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On Gay Rights, Obama Has Built a Legacy On Gay Rights, Obama Has Built a Legacy

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White House

On Gay Rights, Obama Has Built a Legacy

The executive order banning discrimination by federal contractors caps off a long list of things this White House has done to change life for LGBT Americans.

Obama after signing the Don't Ask, Don't Tell Repeal Act into law.(JEWEL SAMAD/AFP/Getty Images)

President Obama's highly public and often-tortured evolution on gay issues is complete.

The politician who opposed gay marriage, was cautious on allowing gays to serve openly in the military, and resisted calls to ban federal contractors from discriminating on the basis of sexual orientation has come a long way in six years. Indeed, he has become the president who has done more for gay people than any of his predecessors.

"The cycle of evolution has come full circle," proclaimed Richard Socarides, the New York lawyer who was President Clinton's top adviser on gay issues and remains deeply involved in issues important to the LGBT community. "The evolution is complete."

 

Socarides has been a frequent visitor to the White House for meetings on gay issues. Many of those sessions, he recalled, were "contentious." At several, Obama sided with the activists on the merits of an issue but laid out a course that was much slower than they desired. On more than one occasion, Socarides said, the president told them the story of President Roosevelt's meeting with labor leaders after his election in 1932. FDR told the union leaders: "I agree with you; I want to do it; now, make me do it."

"That's how we kind of always felt we had to deal with him," said Socarides. "His heart has always been with us, and his policy wonk side has always been with us. But in terms of actually taking steps to deliver on the policy goals, we had to push him."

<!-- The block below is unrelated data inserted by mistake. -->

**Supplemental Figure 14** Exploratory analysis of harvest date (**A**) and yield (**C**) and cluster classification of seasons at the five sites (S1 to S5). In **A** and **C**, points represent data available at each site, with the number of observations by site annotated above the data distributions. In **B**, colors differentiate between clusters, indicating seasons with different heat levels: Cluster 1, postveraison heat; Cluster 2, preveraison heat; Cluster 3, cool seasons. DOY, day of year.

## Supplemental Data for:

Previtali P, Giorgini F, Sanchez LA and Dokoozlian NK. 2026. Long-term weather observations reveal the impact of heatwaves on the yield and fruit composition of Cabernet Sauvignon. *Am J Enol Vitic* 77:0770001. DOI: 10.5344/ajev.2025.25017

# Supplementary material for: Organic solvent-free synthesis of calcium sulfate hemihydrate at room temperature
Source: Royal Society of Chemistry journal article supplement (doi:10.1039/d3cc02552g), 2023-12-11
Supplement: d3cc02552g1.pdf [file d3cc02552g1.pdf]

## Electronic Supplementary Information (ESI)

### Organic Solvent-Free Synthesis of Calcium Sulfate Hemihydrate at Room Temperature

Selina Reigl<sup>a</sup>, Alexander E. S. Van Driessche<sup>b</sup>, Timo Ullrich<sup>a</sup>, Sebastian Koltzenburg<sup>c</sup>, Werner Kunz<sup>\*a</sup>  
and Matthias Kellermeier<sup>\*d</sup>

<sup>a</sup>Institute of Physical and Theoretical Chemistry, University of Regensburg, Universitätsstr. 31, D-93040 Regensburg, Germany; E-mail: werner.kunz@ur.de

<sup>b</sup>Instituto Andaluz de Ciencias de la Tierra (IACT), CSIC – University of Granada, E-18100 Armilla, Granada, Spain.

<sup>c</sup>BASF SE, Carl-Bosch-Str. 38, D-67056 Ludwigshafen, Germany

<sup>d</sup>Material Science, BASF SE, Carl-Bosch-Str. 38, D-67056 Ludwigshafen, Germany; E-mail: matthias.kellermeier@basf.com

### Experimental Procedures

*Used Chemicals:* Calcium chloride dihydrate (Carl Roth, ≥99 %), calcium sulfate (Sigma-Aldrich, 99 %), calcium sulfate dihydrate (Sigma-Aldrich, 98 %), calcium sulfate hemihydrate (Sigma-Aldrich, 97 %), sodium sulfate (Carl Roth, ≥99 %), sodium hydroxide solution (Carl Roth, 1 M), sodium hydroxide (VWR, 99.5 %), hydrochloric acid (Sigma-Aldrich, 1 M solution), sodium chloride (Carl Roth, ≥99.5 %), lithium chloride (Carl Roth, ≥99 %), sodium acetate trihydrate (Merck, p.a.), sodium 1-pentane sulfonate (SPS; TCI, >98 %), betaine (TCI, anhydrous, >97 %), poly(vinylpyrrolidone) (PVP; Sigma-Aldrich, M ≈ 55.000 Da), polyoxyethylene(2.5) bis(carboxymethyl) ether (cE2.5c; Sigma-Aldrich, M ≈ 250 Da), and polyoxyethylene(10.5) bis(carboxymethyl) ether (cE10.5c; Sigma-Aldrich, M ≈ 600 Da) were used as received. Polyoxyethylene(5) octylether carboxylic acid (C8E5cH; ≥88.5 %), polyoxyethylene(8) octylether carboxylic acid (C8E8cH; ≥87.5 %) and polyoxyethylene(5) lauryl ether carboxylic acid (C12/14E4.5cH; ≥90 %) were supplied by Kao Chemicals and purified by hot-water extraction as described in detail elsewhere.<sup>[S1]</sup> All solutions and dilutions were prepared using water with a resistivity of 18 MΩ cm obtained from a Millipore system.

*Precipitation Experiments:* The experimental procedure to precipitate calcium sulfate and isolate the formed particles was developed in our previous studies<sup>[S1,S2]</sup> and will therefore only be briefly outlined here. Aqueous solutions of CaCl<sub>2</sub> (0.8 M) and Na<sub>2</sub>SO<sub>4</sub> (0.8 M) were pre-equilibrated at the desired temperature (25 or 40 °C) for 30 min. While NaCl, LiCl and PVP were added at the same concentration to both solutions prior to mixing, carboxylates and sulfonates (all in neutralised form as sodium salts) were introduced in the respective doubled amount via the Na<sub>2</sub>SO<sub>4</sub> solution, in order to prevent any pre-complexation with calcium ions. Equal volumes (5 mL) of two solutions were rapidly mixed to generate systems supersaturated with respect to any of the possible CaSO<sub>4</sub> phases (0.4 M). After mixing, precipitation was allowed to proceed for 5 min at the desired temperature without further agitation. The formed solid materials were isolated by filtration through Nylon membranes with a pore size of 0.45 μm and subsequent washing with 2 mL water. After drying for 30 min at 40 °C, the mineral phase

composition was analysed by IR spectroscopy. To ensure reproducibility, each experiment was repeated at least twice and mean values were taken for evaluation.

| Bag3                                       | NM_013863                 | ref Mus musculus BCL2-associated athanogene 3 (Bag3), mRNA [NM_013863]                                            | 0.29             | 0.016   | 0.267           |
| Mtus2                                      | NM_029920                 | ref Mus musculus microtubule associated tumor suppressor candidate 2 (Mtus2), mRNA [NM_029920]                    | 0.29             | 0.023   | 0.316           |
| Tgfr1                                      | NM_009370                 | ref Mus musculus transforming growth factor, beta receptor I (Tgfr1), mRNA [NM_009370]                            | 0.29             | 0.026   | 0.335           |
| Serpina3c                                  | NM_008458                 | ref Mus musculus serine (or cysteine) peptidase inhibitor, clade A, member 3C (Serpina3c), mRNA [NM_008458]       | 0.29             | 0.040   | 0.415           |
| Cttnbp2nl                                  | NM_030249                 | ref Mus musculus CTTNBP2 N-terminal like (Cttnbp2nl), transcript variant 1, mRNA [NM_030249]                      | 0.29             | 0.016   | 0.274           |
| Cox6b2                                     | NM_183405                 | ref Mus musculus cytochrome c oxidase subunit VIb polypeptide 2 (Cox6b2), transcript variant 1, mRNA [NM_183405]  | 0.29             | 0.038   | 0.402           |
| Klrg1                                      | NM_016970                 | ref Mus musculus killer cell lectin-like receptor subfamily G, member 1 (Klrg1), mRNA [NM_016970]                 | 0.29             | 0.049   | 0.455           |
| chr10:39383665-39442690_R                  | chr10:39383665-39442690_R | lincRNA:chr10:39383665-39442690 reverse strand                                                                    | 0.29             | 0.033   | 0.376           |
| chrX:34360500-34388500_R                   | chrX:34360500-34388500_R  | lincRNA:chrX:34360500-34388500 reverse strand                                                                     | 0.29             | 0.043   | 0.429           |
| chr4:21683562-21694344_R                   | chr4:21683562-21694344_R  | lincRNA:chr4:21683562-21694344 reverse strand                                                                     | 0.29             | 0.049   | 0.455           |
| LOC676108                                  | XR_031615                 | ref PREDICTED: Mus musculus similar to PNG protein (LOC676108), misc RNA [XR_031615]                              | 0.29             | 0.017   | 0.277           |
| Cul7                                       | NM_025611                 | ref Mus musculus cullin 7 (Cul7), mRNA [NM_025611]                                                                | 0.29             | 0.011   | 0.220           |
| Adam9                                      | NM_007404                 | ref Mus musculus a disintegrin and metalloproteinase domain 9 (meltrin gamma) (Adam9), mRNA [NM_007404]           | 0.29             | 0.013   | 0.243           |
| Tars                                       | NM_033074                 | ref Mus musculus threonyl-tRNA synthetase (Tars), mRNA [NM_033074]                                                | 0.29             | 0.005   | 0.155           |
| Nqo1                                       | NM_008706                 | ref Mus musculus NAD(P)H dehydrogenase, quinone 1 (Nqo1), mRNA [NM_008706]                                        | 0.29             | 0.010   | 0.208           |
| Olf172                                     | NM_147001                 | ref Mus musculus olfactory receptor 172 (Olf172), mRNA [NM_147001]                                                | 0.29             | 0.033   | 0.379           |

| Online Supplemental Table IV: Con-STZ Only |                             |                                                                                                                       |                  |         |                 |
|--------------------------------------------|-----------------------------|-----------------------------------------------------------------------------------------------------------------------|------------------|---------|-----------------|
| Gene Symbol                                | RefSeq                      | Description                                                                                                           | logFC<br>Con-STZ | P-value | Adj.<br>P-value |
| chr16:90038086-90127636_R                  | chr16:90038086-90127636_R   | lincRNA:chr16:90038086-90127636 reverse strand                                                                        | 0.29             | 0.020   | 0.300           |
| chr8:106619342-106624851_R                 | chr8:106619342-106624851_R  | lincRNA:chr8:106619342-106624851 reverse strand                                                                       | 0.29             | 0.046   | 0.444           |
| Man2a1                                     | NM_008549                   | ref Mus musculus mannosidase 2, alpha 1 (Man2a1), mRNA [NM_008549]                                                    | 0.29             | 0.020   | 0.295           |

For almost all of Obama's first term, there was great frustration and even some anger at the White House's refusal to move more quickly on the LGBT agenda. In 2010, the Justice Department defended the "don't ask, don't Ttll" policy in court, much to the chagrin of activists. That same year, Justice appealed a federal court ruling in Boston that had declared the Defense of Marriage Act unconstitutional. When critics exploded in anger, the White House rather meekly insisted it wanted to stick with "the process."

Further fueling the frustration, the president was sticking as well with the position on marriage he had outlined in 2004 when he said, "I'm a Christian. I do believe that tradition and my religious beliefs say that marriage is something sanctified between a man and a woman." In an interview then, he insisted, "I don't think marriage is a civil right." That stand started to crack in 2010 when he told ABC's Jake Tapper at a press conference that his views on marriage were "constantly evolving. I struggle with this." In 2011, he told ABC, "I'm still working on it." It wasn't until 2012 that he used another interview, this time with ABC's Robin Roberts, to announce his support for gay marriage.

That pleased the activists—and contributed to his reelection by helping boost turnout of gay voters. But it did not lessen the pressure and the demands for the executive order. "We were tough on our enemies and tougher on our friends," Socarides said.

That included being tough about the executive order issued this week, something the president initially resisted because he preferred the protections be provided by Congress and not just for federal contractors. The Employment Non-Discrimination Act has passed the Senate but prospects in the House seemed dismal, increasing the pressure on the White House to move ahead.

Now, with the announcement that the president will sign the executive order, he arrives in New York City for Tuesday night's Democratic National Committee's annual LGBT Gala as the toast of the community.

As someone who pushed hard for presidential action, Socarides remains a little amazed at how far Obama has come since 2008. "This was far from inevitable," he said. "But now it looks like his record on gay rights will be one of his most important and lasting accomplishments.... He has turned out to be the fierce advocate he told us he wanted to be."

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